13. Jonathan J. Miller commented on Feb 15

    Barry – I was sent a blue version of the cover for my subscription rather than the red copy you used for this post. Do you think the contents are customized for Republicans and Democrats?

  14. angryinch commented on Feb 18

    If Sam Zell is so sure that cheap capital is going to last another 5 to 7 years, why is he selling property in the U.S. instead of loading up the wagon?

    Sam’s no fool. He knows that cheap capital doesn’t necessarily trump valuation. Borrowing money could be free—it nearly is today—and property prices may still stall or decline. Ask Japan about that.

    From what i’ve read, Zell is looking overseas and investing in markets that haven’t run to the sky already (not many of those left). He believes that returns will be meager going forward and the best returns are available offshore. Zell won’t be buying property in the U.S. at a 4 cap rate anytime soon.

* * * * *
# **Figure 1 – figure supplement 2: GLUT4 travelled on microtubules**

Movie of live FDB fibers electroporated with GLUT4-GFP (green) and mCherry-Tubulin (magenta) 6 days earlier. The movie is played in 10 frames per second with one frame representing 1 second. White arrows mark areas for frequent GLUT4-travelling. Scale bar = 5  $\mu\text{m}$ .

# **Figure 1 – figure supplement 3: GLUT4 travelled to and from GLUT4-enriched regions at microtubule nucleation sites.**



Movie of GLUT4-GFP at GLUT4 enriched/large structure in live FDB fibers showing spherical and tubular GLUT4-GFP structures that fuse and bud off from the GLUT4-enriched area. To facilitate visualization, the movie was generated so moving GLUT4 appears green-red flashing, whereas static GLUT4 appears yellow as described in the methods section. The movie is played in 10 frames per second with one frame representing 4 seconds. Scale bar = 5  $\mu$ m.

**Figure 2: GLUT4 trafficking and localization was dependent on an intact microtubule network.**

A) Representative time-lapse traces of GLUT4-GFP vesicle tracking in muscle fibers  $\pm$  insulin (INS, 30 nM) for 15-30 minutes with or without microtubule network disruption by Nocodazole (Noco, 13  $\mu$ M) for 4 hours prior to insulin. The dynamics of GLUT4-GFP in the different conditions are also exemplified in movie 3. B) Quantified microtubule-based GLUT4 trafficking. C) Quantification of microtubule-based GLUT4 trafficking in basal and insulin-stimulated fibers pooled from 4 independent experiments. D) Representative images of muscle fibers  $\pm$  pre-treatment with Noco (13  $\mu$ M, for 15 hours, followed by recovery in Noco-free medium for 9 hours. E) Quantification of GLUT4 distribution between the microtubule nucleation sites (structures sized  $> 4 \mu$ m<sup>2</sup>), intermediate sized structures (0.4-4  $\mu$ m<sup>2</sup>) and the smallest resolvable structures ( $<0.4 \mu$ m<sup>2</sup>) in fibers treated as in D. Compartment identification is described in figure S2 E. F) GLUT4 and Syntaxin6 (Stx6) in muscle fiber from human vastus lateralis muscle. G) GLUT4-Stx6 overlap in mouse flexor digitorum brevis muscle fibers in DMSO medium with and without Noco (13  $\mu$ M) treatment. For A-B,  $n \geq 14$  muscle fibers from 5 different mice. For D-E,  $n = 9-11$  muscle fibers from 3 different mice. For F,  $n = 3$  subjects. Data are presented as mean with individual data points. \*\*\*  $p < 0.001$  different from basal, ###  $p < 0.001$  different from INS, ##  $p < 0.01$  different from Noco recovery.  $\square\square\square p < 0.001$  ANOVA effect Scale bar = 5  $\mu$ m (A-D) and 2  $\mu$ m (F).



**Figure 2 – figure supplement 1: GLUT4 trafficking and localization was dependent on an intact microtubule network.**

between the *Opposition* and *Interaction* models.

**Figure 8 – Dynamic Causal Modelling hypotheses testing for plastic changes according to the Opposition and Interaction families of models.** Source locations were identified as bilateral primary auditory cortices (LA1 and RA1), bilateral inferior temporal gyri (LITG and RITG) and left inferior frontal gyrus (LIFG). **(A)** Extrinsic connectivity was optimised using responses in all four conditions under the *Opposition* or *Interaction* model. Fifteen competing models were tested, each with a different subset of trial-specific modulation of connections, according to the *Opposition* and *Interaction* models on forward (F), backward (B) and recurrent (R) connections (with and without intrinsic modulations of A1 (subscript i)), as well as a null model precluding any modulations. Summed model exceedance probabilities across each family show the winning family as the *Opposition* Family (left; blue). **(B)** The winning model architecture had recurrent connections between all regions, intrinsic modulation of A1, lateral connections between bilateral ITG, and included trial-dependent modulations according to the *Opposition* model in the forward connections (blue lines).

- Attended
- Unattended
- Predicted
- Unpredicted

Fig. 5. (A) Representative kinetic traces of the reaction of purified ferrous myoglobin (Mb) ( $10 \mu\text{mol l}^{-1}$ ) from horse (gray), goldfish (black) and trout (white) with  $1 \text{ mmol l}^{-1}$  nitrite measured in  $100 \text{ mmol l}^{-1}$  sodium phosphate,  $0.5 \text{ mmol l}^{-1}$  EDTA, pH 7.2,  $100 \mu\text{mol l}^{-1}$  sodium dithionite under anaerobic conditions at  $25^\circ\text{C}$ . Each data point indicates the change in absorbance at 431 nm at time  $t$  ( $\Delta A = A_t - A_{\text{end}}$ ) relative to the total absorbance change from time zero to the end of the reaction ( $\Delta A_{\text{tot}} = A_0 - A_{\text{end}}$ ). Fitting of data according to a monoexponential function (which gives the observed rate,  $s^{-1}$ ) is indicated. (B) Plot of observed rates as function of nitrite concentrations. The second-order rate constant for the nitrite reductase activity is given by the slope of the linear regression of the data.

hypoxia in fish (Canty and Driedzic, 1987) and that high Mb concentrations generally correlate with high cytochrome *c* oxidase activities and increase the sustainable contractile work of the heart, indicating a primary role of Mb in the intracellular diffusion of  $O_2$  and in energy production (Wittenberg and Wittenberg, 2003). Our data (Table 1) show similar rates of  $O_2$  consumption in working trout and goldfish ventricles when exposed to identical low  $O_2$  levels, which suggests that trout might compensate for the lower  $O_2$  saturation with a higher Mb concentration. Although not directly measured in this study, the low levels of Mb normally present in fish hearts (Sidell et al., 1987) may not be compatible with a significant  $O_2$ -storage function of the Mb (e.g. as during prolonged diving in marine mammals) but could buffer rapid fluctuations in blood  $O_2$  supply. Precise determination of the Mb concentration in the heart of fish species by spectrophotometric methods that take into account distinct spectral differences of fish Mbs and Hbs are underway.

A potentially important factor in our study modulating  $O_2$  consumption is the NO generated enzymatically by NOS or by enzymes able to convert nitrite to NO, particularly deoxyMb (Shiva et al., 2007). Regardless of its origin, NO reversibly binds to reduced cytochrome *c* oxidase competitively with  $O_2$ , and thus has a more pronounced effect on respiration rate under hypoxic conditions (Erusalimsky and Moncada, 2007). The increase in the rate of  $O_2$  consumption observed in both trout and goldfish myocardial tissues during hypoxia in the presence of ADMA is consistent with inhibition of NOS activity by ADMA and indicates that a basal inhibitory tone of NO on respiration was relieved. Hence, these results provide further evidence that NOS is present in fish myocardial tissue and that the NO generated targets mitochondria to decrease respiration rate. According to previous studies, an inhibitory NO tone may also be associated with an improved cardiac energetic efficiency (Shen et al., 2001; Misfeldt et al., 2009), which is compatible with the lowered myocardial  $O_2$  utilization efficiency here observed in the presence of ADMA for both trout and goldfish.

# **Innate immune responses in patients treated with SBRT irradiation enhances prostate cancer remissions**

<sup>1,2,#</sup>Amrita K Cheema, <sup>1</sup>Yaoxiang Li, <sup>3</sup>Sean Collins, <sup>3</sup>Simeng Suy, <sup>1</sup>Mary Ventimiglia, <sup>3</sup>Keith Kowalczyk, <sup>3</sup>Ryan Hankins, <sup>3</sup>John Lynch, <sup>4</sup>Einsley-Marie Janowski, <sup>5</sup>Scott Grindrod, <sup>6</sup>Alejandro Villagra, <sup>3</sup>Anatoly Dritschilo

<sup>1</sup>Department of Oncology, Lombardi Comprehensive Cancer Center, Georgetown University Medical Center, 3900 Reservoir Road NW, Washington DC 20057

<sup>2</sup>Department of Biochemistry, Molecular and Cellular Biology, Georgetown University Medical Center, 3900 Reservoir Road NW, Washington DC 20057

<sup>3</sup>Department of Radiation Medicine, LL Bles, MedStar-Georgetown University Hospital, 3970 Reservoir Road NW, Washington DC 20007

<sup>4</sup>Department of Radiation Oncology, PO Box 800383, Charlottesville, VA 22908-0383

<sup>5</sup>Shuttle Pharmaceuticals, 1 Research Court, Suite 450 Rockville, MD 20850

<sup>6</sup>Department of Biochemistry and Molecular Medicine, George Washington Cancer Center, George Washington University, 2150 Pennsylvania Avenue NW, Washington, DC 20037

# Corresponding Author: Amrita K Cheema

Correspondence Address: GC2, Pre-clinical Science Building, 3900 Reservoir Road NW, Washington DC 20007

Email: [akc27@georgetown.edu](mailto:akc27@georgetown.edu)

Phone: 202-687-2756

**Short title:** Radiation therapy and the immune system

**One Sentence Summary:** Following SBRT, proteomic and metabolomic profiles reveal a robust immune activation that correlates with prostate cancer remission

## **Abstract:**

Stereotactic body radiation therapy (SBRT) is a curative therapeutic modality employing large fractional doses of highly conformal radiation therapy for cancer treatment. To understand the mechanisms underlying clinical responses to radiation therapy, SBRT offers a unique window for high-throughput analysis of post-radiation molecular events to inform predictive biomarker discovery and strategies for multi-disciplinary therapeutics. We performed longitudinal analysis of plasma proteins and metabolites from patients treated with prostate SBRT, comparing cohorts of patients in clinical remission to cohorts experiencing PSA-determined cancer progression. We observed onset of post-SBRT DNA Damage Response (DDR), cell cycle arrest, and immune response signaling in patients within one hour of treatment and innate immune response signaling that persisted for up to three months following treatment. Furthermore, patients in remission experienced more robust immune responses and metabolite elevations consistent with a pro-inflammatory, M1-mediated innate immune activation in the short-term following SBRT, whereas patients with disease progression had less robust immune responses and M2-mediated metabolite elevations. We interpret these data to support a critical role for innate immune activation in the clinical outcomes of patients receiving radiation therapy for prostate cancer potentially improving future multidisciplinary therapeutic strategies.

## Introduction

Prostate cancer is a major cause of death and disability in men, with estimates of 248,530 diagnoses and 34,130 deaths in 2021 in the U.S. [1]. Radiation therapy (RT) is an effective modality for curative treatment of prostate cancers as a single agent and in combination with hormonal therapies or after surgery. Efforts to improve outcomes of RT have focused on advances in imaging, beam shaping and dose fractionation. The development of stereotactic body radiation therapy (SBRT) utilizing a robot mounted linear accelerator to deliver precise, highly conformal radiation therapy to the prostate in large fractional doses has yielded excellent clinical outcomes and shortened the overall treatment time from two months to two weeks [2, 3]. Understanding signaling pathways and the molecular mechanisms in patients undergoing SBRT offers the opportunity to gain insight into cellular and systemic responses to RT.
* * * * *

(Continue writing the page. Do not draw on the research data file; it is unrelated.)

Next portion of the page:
It’s a classic transfer from smart money to dumb money. The dumb money in this case are the pension funds, 401k’s (soon to be 201k’s) and so forth. Once this process is complete, the bagholders will be the ones to suffer during the next major downturn. Same as it ever was.

  15. Economics Unbound commented on Mar 5

    Magazine cover curse evaded–so far

    About four weeks ago I (together with my co-author David Henry) wrote a cover story for BusinessWeek entitled “It’s a Low, Low, Low-Rate World: Why money may stay cheap longer than you think”. We closed the article the evening of…

  16. icebergfinanza commented on Jun 10

    UN NUOVO CAMBIAMENTO CLIMATICO: Il progressivo esaurimento della sorgenti della liquidità:Illusione o realtà?